Germany and Britain require all MPs to disclose activities or assets that provide an income, although politicians do not have to disclose all their assets.

The new French law will create a tougher monitoring body to check MPs' assets declarations. Providing false information will now be a criminal offence. Elected politicians will also have to declare any conflict of interest.

The Cahuzac scandal is still having repercussions in France. This weekend marks the second round of a byelection which arose following the disgraced budget minister's resignation as MP. The Socialist candidate was knocked out in the first round, leaving a run-off between the right-wing UMP and far-right Front National.

This has prompted soul searching not just about the strength of Marine Le Pen's Front National, but also about the Socialist party, which though it still has an absolute majority in parliament, has had its MP numbers shrink through a series of byelections.

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« Reply #7033 on: Jun 20, 2013, 06:14 AM »

une 19, 2013

Italian Praised for Saving Jews Is Now Seen as Nazi Collaborator


He has been called the Italian Schindler, credited with helping to save 5,000 Jews during the Holocaust. Giovanni Palatucci, a wartime police official, has been honored in Israel, in New York and in Italy, where squares and promenades have been named in his honor, and in the Vatican, where Pope John Paul II declared him a martyr, a step toward potential sainthood.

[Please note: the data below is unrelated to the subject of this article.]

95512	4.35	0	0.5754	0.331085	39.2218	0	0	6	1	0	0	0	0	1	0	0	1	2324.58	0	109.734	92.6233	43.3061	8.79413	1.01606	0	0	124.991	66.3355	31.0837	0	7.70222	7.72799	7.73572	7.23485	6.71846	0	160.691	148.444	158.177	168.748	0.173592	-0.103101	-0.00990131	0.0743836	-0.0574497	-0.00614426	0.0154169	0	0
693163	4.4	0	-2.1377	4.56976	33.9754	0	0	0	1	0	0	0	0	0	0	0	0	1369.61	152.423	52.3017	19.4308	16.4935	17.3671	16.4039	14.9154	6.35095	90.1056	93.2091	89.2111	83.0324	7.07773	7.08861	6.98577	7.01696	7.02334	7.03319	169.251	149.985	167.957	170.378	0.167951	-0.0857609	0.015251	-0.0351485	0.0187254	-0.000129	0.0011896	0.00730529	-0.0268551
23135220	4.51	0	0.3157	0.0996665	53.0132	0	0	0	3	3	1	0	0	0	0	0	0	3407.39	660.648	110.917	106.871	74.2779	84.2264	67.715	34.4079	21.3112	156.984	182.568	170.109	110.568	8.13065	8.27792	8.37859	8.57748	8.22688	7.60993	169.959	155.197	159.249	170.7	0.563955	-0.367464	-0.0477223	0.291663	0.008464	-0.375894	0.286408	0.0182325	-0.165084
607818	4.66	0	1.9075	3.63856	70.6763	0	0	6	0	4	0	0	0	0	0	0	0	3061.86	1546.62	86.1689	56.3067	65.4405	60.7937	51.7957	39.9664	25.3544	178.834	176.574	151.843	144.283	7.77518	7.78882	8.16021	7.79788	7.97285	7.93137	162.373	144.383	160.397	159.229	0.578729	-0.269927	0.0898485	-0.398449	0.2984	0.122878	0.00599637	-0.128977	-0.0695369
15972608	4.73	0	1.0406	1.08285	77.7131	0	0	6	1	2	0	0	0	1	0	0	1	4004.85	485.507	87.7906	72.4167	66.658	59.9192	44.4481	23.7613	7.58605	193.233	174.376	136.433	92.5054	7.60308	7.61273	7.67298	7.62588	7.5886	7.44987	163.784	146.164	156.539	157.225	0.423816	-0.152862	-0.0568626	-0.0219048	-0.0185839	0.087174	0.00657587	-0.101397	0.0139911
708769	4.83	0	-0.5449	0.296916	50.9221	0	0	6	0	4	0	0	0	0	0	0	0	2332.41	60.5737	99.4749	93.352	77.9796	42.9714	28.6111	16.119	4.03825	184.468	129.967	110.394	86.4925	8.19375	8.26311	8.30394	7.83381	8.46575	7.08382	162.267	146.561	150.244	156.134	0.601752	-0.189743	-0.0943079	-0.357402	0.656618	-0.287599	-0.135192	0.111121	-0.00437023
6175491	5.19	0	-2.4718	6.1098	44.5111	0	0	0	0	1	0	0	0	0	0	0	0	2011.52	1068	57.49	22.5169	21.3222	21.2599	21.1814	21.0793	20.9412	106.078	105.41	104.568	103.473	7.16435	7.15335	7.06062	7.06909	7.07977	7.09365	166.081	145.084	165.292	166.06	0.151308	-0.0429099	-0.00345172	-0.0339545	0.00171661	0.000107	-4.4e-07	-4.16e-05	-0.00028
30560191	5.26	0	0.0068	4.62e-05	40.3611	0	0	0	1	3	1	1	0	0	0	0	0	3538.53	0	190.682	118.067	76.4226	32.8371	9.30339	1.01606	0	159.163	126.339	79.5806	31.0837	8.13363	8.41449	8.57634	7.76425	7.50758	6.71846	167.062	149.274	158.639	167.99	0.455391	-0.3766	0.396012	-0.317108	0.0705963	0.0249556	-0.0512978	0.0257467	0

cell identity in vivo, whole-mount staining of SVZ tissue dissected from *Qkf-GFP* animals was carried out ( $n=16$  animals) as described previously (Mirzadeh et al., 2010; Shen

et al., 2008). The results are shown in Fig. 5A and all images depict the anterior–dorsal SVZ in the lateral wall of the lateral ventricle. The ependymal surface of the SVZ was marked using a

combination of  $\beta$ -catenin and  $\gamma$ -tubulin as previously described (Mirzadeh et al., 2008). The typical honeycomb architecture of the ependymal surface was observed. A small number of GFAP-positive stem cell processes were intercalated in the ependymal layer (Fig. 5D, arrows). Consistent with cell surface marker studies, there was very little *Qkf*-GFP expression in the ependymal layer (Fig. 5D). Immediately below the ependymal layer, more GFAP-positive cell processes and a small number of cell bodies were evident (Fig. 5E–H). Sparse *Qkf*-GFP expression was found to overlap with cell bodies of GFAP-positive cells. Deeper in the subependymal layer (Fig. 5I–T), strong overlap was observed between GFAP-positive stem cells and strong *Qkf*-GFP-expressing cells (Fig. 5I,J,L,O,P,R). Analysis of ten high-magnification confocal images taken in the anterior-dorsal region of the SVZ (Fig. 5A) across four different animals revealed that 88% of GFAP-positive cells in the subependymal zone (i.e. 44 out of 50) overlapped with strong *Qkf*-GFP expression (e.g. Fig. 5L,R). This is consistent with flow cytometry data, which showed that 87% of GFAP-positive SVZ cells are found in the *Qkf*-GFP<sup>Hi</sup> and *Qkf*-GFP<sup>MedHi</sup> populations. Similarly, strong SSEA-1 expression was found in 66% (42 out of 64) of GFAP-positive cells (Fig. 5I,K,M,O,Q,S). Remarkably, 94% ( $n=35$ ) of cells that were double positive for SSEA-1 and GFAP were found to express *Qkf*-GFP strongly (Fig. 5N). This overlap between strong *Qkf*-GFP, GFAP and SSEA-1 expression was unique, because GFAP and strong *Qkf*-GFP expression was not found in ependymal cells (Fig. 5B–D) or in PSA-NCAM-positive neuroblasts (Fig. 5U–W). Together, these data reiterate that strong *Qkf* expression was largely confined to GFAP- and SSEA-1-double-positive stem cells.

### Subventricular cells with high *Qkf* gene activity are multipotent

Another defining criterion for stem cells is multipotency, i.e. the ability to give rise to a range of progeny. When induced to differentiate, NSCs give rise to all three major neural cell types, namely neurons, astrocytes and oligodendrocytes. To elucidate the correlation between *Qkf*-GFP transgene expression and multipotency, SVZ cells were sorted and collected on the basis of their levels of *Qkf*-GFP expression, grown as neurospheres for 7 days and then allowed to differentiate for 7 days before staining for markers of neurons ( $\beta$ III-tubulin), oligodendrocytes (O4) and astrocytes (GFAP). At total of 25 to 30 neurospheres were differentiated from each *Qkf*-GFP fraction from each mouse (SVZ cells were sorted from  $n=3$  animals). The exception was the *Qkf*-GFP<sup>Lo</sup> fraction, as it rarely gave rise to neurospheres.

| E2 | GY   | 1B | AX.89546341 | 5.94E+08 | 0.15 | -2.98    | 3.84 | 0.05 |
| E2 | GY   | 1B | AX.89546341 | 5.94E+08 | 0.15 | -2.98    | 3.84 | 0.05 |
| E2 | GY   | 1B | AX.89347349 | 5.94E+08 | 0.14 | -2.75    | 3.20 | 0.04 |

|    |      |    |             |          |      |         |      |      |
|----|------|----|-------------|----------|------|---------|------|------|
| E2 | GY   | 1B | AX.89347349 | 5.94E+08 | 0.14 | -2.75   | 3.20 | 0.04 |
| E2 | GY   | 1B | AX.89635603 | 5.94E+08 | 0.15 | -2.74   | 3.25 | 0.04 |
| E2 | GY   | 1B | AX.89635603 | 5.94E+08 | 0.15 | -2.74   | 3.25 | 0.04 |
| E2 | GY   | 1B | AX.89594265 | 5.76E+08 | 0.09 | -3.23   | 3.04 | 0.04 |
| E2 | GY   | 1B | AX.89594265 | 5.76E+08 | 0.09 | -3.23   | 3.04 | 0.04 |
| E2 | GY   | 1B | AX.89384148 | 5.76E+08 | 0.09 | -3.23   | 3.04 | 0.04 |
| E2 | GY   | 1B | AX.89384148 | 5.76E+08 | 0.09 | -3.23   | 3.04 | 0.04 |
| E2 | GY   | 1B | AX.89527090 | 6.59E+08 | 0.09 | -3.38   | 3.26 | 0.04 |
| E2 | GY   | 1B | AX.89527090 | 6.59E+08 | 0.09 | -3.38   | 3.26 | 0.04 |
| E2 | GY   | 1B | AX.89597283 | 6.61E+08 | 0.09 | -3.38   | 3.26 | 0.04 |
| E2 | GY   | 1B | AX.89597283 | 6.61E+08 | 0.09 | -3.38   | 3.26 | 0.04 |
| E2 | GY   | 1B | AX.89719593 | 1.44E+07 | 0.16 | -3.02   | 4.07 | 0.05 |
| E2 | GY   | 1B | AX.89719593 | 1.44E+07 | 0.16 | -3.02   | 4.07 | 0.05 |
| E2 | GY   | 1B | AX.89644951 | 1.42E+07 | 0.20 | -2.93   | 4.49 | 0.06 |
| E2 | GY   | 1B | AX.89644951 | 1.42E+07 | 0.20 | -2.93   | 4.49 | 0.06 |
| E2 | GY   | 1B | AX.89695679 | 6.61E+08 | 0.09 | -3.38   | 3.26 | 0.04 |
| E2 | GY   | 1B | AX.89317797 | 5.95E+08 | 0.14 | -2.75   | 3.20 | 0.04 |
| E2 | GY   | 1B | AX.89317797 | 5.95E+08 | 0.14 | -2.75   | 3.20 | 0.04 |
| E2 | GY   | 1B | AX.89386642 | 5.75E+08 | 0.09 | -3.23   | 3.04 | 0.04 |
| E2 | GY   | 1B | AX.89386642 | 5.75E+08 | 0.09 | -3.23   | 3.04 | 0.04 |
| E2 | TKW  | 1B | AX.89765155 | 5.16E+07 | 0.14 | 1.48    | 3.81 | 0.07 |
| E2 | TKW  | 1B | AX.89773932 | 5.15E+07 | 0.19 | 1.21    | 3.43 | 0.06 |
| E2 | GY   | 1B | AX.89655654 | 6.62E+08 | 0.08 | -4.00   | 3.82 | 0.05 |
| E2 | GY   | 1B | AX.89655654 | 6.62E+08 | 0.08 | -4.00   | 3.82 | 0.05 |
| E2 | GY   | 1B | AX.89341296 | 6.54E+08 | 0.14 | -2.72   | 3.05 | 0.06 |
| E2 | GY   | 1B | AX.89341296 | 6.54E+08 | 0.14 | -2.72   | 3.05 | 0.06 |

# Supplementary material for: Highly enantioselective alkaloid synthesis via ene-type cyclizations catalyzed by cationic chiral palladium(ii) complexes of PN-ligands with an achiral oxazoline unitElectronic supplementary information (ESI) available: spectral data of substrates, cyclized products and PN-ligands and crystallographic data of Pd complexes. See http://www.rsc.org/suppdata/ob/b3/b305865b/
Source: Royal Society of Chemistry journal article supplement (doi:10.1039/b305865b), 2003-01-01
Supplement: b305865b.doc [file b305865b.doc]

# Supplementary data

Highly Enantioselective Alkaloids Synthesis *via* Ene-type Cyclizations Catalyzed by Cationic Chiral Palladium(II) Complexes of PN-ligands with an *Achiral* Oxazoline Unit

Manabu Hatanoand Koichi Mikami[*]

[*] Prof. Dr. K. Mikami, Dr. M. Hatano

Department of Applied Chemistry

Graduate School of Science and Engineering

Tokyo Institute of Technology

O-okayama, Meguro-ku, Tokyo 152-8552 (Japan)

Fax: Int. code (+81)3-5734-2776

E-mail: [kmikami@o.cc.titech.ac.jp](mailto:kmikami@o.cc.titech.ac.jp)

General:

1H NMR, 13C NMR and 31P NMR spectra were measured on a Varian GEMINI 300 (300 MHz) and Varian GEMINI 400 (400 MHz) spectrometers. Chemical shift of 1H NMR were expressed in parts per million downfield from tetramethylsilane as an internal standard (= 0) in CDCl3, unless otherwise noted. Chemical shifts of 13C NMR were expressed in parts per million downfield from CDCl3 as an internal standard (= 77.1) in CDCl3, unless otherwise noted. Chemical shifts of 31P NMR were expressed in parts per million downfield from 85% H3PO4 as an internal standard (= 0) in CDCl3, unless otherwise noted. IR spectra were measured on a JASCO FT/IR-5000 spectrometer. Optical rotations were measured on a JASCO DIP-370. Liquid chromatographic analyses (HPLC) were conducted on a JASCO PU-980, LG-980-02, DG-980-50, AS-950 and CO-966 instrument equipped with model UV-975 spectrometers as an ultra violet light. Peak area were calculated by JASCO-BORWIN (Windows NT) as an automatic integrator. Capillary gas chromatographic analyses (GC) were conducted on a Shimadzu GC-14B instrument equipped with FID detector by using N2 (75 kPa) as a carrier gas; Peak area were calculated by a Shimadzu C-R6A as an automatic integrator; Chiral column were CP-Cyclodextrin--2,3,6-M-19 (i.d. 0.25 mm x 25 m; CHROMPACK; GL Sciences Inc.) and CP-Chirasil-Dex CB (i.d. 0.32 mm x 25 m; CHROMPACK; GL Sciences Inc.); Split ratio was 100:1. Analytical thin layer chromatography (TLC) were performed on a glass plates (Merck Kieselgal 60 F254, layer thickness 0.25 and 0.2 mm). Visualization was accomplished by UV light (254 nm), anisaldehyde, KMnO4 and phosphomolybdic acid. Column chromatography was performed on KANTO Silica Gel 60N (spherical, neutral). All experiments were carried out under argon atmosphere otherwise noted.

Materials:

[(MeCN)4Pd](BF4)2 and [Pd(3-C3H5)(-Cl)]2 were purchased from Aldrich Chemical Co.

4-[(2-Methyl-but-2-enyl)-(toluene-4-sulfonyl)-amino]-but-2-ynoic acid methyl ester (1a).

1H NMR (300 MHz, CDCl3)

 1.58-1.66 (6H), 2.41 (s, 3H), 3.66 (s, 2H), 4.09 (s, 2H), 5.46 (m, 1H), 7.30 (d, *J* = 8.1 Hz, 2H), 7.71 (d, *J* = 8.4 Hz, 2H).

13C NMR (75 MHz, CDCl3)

But at the United States Holocaust Memorial Museum in Washington, the tale of his heroic exploits is being removed from an exhibition after officials there learned of new evidence suggesting that, far from being a hero, he was an enthusiastic Nazi collaborator involved in the deportation of Jews to Auschwitz.

A letter sent this month to the museum’s director by the Centro Primo Levi at the Center for Jewish Studies in New York stated that a research panel of more than a dozen scholars who reviewed nearly 700 documents concluded that for six years, Palatucci was “a willing executor of the racial legislation and — after taking the oath to Mussolini’s Social Republic, collaborated with the Nazis.”

The letter said that Italian and German records provided no evidence that he had helped Jews during the war and that the first mention only surfaced years later, in 1952. Researchers also found documents that showed Palatucci had helped the Germans identify Jews to round up.